Adverse Reaction - Dizziness, flushing, transient hypotension after IV administration , rapid and weak pulse, pain and hematoma

Nursing Consideration 1. Check for doctor’s order 2. Perform ANST prior to admission 3. Should not be given if positive skin test 4. Slow IV push 5. Inform the patient about the possible side effect of the drug 6. Monitor BP, PR, and RR before and after administration. 7. Advise patient to report any discomfort on the IV insertion site 8. Provide safety 9. teach patient that foods that provide vitamin K include cabbage, cauliflower, eggs, fish and dairy products

Name of Drug GN: Metronidazole BN: Flagyl

Date Ordered 06-19-06

Route/ Action Dosage and Frequency IV -antiprotozoal 500 mg, Q6 o

Indication - for bacterial infection caused by anaerobic microorganisms

Adverse Reaction - fever, vertigo, syncope, weakness, N/V, darkened urine, metallic taste

Nursing Consideration 1. Check for doctor’s order 2. Perform ANST prior to admission 3. Should not be given if positive skin test 4. Slow IV push 5. Inform the patient about the possible side effect of the drug 6. Monitor liver function test results carefully in elderly patients. 7. Observe for edema. 8. Tell patient that metallic taste and dark or red-brown urine may occur. 9. Advise patient to report any discomfort on the IV insertion site 10. Provide safety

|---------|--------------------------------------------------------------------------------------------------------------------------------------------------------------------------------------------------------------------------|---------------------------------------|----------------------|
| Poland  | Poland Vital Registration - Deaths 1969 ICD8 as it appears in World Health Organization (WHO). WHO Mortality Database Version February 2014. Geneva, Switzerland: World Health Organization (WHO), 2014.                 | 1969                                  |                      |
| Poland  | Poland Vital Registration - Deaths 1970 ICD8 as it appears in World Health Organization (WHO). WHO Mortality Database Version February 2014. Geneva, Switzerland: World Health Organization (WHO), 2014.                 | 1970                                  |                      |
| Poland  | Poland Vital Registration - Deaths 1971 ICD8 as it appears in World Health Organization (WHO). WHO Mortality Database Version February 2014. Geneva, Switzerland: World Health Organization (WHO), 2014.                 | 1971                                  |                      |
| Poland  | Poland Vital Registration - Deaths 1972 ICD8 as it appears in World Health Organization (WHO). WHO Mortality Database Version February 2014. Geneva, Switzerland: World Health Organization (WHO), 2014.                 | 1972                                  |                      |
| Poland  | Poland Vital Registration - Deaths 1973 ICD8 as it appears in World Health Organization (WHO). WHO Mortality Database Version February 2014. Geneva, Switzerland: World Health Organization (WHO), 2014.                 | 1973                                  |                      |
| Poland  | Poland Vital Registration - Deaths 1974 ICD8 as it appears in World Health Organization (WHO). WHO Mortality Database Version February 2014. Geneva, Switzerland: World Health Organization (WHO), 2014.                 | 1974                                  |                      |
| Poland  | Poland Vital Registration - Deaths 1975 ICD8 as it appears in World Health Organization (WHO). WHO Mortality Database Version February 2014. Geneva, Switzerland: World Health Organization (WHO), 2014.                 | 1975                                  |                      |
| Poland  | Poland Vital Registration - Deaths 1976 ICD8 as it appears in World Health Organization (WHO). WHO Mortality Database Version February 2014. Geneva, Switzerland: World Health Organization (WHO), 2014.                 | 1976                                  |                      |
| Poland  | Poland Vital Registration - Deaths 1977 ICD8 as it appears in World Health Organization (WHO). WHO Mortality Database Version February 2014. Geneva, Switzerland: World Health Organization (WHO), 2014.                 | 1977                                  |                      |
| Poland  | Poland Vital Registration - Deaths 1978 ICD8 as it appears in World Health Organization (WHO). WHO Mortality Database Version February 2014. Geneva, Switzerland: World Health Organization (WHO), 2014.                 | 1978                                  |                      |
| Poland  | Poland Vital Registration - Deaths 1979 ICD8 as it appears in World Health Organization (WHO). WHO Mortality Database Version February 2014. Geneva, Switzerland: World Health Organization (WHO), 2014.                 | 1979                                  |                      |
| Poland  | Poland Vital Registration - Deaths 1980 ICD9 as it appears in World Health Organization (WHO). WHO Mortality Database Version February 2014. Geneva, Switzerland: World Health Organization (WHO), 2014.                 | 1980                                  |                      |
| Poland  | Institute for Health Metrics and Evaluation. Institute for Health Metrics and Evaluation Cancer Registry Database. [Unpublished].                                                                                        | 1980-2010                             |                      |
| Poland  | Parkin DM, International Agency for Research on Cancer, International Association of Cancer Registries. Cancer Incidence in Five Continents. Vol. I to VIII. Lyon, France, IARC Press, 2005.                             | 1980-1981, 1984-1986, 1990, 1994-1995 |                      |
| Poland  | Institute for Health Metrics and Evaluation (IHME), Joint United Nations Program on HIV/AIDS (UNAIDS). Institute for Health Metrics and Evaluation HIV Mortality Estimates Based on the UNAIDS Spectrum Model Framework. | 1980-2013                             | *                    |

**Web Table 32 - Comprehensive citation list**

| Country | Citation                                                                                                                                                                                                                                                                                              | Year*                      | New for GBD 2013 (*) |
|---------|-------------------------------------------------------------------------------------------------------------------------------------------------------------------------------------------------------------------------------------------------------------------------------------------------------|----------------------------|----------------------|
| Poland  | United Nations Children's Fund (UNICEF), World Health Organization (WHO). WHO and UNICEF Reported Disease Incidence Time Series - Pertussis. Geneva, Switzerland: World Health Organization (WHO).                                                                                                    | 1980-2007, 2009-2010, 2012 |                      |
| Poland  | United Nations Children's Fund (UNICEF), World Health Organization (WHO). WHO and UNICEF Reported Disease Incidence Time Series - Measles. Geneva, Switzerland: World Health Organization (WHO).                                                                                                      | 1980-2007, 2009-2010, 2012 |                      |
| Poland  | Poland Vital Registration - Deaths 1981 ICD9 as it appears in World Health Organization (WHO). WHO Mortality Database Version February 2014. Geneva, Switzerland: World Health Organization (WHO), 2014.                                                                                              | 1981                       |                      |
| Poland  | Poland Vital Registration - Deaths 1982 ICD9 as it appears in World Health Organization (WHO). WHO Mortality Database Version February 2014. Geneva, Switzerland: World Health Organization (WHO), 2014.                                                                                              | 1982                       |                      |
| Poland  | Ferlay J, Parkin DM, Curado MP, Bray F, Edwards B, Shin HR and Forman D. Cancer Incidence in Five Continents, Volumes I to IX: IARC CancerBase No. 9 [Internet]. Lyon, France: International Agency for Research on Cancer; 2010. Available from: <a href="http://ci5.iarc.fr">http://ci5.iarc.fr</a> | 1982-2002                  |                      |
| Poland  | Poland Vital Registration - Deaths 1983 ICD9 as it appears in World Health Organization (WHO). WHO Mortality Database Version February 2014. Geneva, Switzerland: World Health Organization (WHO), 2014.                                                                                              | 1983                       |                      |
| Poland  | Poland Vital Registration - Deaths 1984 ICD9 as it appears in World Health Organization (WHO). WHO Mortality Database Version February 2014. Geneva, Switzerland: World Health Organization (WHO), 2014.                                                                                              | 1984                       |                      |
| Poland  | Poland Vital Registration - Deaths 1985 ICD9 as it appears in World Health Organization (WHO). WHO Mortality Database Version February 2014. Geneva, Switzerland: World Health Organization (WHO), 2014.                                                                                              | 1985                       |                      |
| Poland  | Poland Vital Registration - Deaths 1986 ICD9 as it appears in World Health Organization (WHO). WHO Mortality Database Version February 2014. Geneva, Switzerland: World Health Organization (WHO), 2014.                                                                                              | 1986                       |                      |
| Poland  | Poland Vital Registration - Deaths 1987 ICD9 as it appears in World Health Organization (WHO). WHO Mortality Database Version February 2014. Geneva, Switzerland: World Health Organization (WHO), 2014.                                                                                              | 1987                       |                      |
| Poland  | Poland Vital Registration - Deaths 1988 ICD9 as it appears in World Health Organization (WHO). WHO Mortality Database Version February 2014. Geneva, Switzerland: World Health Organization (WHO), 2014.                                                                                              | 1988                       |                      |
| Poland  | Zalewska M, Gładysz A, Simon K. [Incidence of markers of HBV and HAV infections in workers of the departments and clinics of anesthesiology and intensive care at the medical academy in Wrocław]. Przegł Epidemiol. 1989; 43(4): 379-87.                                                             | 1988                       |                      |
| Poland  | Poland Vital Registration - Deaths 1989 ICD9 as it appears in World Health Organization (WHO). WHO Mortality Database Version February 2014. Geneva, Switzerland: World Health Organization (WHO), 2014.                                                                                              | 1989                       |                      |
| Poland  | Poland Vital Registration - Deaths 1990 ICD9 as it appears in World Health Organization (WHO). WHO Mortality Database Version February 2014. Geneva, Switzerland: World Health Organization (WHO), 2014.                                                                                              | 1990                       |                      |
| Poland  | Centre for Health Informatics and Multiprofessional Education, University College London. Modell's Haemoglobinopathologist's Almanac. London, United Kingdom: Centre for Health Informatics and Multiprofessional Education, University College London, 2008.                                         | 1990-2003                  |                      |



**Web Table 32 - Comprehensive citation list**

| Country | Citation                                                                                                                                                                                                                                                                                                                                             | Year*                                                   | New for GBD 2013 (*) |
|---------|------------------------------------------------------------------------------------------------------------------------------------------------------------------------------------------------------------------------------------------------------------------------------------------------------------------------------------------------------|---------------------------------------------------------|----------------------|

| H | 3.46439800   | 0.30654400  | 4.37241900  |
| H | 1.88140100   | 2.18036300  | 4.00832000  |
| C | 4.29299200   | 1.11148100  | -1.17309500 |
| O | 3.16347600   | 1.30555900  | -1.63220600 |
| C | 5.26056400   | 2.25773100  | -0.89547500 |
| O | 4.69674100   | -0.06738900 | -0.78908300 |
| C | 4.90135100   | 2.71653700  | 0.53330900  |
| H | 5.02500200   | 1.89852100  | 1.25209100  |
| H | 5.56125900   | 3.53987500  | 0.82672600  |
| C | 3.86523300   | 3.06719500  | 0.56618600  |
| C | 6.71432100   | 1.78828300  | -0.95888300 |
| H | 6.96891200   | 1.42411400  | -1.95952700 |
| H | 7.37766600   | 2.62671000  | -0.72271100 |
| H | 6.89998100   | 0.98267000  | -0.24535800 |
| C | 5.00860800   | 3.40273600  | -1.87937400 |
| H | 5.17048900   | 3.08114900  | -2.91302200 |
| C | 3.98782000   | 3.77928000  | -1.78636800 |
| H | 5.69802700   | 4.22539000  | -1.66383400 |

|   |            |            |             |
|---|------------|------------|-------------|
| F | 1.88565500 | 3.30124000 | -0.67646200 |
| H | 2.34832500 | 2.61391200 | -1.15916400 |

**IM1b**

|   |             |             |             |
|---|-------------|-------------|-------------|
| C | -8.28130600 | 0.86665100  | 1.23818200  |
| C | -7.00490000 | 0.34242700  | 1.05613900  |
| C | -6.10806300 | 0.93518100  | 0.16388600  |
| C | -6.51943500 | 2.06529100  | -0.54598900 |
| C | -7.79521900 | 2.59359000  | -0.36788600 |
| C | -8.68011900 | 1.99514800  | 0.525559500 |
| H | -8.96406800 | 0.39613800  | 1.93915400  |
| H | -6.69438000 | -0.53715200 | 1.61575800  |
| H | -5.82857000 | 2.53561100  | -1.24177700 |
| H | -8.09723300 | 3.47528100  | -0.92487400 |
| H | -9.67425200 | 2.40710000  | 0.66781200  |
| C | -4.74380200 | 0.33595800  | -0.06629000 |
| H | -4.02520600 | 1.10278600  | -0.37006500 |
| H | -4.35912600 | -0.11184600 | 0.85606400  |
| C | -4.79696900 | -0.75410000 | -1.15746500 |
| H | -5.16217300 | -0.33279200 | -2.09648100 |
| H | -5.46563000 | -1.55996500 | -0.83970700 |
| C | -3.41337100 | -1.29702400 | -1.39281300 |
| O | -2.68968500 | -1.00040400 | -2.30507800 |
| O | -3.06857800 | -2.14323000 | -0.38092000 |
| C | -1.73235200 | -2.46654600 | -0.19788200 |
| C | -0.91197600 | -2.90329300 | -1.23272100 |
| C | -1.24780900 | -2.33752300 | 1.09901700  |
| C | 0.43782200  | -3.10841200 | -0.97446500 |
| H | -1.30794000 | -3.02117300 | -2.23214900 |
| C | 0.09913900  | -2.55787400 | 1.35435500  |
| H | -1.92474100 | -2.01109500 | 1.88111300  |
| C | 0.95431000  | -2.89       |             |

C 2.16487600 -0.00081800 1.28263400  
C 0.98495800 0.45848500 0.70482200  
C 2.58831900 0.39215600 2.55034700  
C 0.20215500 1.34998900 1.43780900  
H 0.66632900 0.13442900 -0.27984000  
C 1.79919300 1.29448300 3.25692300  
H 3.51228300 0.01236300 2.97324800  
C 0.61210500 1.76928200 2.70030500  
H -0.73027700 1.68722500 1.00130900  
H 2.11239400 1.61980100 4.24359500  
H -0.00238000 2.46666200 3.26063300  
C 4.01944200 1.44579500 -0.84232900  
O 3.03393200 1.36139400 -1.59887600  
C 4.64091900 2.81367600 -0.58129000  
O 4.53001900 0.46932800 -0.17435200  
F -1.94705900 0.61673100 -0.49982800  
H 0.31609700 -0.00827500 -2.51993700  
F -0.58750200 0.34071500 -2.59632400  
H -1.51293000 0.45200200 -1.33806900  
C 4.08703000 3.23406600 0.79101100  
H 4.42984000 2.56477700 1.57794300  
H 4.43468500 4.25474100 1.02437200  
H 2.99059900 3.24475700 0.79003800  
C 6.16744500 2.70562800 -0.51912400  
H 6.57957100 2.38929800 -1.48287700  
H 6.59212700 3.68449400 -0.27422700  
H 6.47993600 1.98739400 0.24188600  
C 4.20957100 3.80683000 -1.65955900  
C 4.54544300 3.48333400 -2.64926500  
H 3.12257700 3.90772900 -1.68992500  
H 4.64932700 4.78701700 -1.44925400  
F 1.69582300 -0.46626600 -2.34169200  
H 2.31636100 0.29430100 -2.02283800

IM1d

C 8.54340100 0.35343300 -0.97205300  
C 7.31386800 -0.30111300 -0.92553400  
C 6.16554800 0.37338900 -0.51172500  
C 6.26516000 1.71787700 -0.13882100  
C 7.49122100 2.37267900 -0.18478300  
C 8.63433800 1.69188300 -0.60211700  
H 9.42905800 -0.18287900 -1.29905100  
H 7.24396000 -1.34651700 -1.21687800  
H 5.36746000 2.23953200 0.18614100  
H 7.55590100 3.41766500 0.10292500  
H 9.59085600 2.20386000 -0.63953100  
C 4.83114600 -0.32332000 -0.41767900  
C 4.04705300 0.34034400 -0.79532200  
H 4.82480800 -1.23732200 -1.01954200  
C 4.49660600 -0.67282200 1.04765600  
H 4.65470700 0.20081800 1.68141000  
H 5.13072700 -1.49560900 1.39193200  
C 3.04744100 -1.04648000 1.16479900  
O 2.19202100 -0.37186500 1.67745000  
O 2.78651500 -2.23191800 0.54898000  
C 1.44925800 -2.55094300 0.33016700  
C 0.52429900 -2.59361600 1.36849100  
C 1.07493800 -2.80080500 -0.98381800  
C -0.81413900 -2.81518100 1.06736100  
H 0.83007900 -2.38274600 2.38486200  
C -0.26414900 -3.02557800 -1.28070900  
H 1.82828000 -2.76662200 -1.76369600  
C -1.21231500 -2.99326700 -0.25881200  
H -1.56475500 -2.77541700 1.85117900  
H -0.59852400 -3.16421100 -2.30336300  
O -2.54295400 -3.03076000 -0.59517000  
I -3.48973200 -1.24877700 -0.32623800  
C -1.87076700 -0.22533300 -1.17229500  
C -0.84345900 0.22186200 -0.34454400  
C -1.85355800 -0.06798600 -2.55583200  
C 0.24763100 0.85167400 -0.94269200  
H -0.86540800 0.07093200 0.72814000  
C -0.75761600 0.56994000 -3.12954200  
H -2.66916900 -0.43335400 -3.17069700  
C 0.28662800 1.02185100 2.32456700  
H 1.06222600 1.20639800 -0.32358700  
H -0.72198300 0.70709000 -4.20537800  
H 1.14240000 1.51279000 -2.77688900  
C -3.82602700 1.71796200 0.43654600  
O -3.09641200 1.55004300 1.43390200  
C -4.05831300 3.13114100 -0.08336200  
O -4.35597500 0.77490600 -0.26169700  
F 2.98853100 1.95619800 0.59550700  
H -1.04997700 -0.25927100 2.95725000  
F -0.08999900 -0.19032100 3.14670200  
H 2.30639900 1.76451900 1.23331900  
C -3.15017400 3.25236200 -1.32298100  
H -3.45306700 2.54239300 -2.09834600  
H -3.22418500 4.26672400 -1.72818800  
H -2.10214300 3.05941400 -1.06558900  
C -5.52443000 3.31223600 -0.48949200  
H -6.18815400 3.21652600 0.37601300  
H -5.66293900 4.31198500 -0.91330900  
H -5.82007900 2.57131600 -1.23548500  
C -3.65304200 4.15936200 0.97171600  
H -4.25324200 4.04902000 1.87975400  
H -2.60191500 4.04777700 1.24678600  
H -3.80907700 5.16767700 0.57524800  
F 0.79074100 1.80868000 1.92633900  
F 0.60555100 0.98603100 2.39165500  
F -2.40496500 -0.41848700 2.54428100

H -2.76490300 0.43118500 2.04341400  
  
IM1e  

Name of Drug GN: Isosorbide Dinitrate BN: Isordil

Date Ordered 06-19-06

Route/ Action Dosage and Frequency PO -Anti-anginal 5 mg, Tab, TID

Indication - acute anginal attacks - prevent situation that may cause anginal attacks

Adverse Reaction - Nausea and Vomiting, headache,

Nursing Consideration 1. Check for doctor’s order 2. Monitor blood pressure and pulse rate before and after giving the meds. 3. Notify prescribing signs of heart failure such as swelling of hands and feet or SOB. 4. Advise patient of the side effects of the drug.

Name of Drug GN: Alfuzosin HCL BN: Xatral

Date Ordered 06-20-06

Route/ Action Dosage and Frequency PO -alpha-blockers 10 mg, OD

Indication - for enlarged prostate gland

Adverse Reaction Headache • Dry mouth • postural hypotension • Drowsiness • palpitations • Flushing • edema • asthenia • Chest pain • tachycardia • syncope • Rash or itching • nausea, vomiting, diarrhea or abdominal pain • vertigo Dizziness

Nursing Consideration 1. Check for doctor’s order 2. Assess pt for signs of BPH (Urinary hesistancy, feeling of incomplete bladder emptying, interruption of urinary stream, impairement of sixe and force of urinary stream, terminal urinary bleeding, dysuria, urgency) before and periodically during therapy 3. Monitor blood pressure and pulse rate before and after giving the meds. 4. Assess patient for orthostatic reaction and syncope. 5. Caution patient to avoid sudden changes in position to decrease orthostatic hypotension 6. Instruct patient to take medicine with the same meal each day. 7. Instruct patient of the side effect of the drug.